Questioning Techniques: Types of Questions - Kickstory

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Thursday, July 29, 2010

Questioning Techniques: Types of Questions

“Teachers’ skill in questioning and in leading discussions is valuable for many instructional purposes, eliciting student reflection and challenging deeper student engagement” (Danielson, 1996, p. 92).

Unskilled questioning focuses on “rapid-fire, short-answer, low-level questions” as vehicles for checking students’ knowledge. Danielson calls this “’recitation’ rather than ‘discussion’, because the questions are not true questions but rather a form of a quiz in which teachers elicit from students their knowledge on a particular topic. …poor questions…are boring, comprehensible to only a few students, or narrow—the teacher has a single answer in mind even when choices are possible” (p. 92).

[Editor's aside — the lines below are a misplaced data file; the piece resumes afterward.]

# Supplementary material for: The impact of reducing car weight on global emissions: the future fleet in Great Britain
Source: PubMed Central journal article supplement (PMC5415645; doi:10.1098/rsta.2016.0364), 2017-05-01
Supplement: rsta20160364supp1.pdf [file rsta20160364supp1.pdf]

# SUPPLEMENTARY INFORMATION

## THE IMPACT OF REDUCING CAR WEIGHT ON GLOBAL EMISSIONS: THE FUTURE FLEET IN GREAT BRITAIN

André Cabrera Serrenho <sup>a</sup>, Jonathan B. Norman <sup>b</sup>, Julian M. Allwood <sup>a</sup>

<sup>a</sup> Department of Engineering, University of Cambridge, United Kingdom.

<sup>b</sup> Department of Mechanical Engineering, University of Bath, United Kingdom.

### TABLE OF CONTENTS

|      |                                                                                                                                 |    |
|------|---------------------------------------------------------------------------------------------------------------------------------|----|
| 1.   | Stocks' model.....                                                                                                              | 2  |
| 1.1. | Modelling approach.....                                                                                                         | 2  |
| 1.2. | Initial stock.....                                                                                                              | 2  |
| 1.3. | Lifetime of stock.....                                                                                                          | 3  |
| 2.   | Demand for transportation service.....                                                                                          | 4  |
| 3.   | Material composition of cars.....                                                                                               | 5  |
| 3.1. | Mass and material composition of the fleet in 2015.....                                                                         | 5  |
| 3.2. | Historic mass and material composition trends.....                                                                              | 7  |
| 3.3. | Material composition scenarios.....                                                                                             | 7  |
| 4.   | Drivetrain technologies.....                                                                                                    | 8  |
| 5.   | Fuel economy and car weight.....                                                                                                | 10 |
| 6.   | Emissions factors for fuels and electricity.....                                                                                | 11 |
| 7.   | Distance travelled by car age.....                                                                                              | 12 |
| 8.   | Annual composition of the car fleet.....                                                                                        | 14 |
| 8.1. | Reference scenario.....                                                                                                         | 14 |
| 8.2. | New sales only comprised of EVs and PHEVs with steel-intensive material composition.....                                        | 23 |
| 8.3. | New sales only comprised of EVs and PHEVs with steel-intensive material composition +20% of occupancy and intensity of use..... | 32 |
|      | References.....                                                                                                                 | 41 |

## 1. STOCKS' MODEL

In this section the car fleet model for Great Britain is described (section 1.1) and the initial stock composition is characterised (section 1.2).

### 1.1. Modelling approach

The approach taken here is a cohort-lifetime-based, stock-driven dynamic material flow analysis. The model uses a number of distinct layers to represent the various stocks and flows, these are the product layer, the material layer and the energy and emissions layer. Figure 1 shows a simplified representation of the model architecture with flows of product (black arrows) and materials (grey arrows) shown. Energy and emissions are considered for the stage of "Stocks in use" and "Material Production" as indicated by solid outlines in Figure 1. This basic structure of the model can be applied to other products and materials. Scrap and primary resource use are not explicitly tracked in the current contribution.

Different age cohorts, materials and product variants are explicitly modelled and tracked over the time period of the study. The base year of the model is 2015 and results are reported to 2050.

Skilled questioning engages students in a true exploration of content. When they are carefully crafted and framed, questions “enable students to reflect on their understanding and consider new possibilities.” Students are allowed “think time” before responses are expected and teachers often “probe a student’s answer, seeking clarification or elaboration through such questions as, ‘Could you give an example of…?’ or ‘Would you explain what you mean?’

Additionally, well-led classroom discussions are animated and they engage all students in important questions to extend, not just recall, knowledge. In well-run discussions, teachers serve as “guides on the side,” encouraging students to take center stage, comment on others’ responses and request further explanations; the teacher sets the stage, while students are expected to assume considerable responsibility for the depth and breadth of discussions. Everyone participates, not just the “few star students.” The teacher is not waiting for “the right answer.” Well-run discussions also encourage students to pose questions. Where this happens, teachers are encouraging students to develop critical and creative thinking skills and to engage in analytical thinking; students often engage more deeply and are more motivated to participate when they are encouraged to be the questioners. In this type of discussion, “the perspectives of all students are sought; all voices are heard.”

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